What’s in a name?

The concept of employer branding has become one of the most significant developments in recent times, and for some companies, its importance has been recognised since the early 1990s.


Simon Barrow, now chairman of consultancy People in Business, is acknowledged as the creator of the term ‘employer brand’¨ as early as October 1990.


At its simplest form, employer branding is about ensuring that your people brand matches your marketing brand. This involves making sure the messages the business gives out are reflected by the actions of its people at all levels and at all times.


To achieve that, however, you have to consider all aspects of your business to ensure consistency in your messages, behaviour and values.


In a commercial context, employer branding is the glue that holds all the different components of the organisation together to ensure staff loyalty, commitment and performance, which equals customer loyalty, advocacy and satisfaction. This also ensures business growth, profitability and market share, which in turn leads to stakeholders, competitor respect, and becoming an employer of choice.


One of the problems with employer branding is that if you mention anything with ‘brand’ in the title, people often make assumptions about where the issue belongs in an organisation.


It shouldn’t be seen as an issue just for HR or marketing. Employer branding is not ‘soft and fluffy’, and should not be something nice to do when we get round to it.


Equally, it should not be driven by a clinical process. It is not a PR exercise Ð without practical application, you will fall at the first hurdle.


Employer branding is also not just about having a charismatic leader Ð it is far more all encompassing, going to the very heart of an organisation. It needs an integrated process to make it happen, but a process based on capturing the imagination that has its foundation in the heart and soul of every employee.


It’s also about emotional connectivity. While the process may be called employer branding for some organisations, others have not formally named it as such, but still adhere to its underlying principles.


Organisations are increasingly recognising that, directly or indirectly, most brand promises are delivered by people, not products. Pick up any business magazine that talks about branding, and it is likely that it will be discussing the broader aspect of organisational, corporate or employer branding. And there is also increasing emphasis on being an employer of choice.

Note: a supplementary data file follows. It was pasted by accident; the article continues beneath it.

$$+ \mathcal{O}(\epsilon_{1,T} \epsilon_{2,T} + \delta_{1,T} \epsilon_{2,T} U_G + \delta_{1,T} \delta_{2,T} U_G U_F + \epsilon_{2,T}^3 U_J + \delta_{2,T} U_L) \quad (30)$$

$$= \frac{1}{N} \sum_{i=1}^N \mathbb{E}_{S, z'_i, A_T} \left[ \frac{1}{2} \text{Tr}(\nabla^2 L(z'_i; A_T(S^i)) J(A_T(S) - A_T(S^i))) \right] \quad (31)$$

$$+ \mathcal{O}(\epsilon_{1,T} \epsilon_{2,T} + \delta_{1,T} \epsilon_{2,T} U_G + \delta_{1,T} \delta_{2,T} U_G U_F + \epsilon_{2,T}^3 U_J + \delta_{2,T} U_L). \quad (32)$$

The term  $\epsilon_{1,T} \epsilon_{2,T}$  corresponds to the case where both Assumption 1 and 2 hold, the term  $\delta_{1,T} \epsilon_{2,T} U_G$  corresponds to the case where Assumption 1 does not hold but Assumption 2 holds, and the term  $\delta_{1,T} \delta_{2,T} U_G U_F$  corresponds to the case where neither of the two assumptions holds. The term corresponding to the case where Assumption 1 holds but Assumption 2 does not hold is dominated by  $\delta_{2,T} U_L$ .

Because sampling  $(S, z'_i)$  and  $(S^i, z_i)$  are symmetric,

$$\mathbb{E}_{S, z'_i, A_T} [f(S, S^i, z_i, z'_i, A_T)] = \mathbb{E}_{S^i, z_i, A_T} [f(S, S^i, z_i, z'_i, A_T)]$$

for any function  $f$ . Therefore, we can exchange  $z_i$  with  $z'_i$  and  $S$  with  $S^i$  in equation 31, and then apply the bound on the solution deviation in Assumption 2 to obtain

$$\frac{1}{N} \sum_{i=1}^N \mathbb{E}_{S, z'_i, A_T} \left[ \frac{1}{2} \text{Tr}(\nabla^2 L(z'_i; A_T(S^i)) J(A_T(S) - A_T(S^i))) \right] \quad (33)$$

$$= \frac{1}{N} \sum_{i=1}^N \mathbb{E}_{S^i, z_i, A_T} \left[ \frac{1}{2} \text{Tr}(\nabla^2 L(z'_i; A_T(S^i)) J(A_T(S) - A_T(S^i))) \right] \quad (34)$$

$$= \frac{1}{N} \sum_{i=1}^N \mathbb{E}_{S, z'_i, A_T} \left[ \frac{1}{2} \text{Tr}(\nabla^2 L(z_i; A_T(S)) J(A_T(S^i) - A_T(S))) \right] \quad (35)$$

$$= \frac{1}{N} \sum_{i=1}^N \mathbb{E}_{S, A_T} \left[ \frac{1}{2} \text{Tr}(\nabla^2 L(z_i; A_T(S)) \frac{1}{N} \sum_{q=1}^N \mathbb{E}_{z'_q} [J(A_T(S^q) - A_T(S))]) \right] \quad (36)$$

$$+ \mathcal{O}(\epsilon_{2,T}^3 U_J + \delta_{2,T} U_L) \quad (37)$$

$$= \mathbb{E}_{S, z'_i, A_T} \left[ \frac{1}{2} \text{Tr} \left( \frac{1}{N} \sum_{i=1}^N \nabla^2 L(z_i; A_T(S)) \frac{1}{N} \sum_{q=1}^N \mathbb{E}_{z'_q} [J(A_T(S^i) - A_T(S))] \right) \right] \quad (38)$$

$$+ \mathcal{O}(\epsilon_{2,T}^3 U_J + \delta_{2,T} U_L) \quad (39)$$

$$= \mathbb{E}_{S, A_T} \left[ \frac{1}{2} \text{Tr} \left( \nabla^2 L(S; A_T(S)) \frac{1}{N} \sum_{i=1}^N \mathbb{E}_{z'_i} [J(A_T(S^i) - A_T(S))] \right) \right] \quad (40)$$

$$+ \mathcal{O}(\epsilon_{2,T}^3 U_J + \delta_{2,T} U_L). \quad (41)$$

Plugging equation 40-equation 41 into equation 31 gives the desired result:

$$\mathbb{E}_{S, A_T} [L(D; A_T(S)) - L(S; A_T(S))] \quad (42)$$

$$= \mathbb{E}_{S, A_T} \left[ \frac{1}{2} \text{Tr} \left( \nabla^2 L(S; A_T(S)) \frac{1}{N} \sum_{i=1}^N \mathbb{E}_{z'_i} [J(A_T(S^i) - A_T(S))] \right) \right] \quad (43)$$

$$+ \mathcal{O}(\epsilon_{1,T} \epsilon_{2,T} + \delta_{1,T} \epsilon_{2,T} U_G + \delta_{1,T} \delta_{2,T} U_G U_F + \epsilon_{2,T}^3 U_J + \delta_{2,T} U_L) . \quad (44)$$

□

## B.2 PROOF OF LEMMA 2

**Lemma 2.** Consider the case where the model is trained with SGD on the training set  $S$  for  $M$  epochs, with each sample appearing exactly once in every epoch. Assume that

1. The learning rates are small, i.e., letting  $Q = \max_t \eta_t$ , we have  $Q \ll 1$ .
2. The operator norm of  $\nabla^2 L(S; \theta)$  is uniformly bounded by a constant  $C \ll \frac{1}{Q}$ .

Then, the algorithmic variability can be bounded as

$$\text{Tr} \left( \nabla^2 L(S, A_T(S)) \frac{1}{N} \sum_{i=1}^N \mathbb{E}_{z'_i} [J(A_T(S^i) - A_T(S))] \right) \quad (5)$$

In the Concise Oxford Dictionary, one definition of a brand is ‘to impress unforgettably on one’s mind’. If we explore this definition of branding a little further, it is clear that building an employer brand is an extension of this definition.


Every organisation has a brand, and organisations are creating impressions in the minds of others every day. The impact of your brand can be felt 24 hours a day, seven days a week, 52 weeks of the year. Even when your building is closed, its image is there for all to see. Your staff, clients, customers or suppliers may be talking about you to other customers, clients, friends, or family.


Breaking down barriers


Creating an employer brand entails focusing on the key components of your business and encouraging consistency across all functions. Like any piece of machinery, one part cannot operate without the other. Cross-functional working breaks down the traditional divisions between marketing, sales, distribution, IT, manufacturing and HR.


This process links new service/product development and the development of staff. It links the distribution chain with the customer. It creates relationships, not just agreements, with external suppliers. It takes the most senior managers and involves them in the front line of the business.


It puts the customer at the heart of the organisation, and builds everything else around them.


The organisation doesn’t just service its customers; it becomes their lifeblood. Employees do not just make promises, they deliver them Ð not once, but over and over again, consistently developing better service. The organisation differentiates itself in the market through its people, its products, its processes and its premises.


It is also about being passionate, gutsy, using initiative, taking risks, allowing failure, encouraging individuals to take responsibility and standing by their decisions. It’s about employees not just identifying the goals of the organisation, but also believing and sharing them. It’s about creating a working environment where workers are supported and motivated to take direct responsibility for making success happen.


A strong brand image is as relevant to an organisation as it is to a product or service. The people behind the product must be consistent with the brand, and the commitment to the brand must be reflected from the top of the organisation down to the newest recruit.


A true competitive edge will be achieved by those organisations that are able to attract and retain employees and build customer loyalty through the clear transmission of their overall brand. They will be the success stories of the 21st century.

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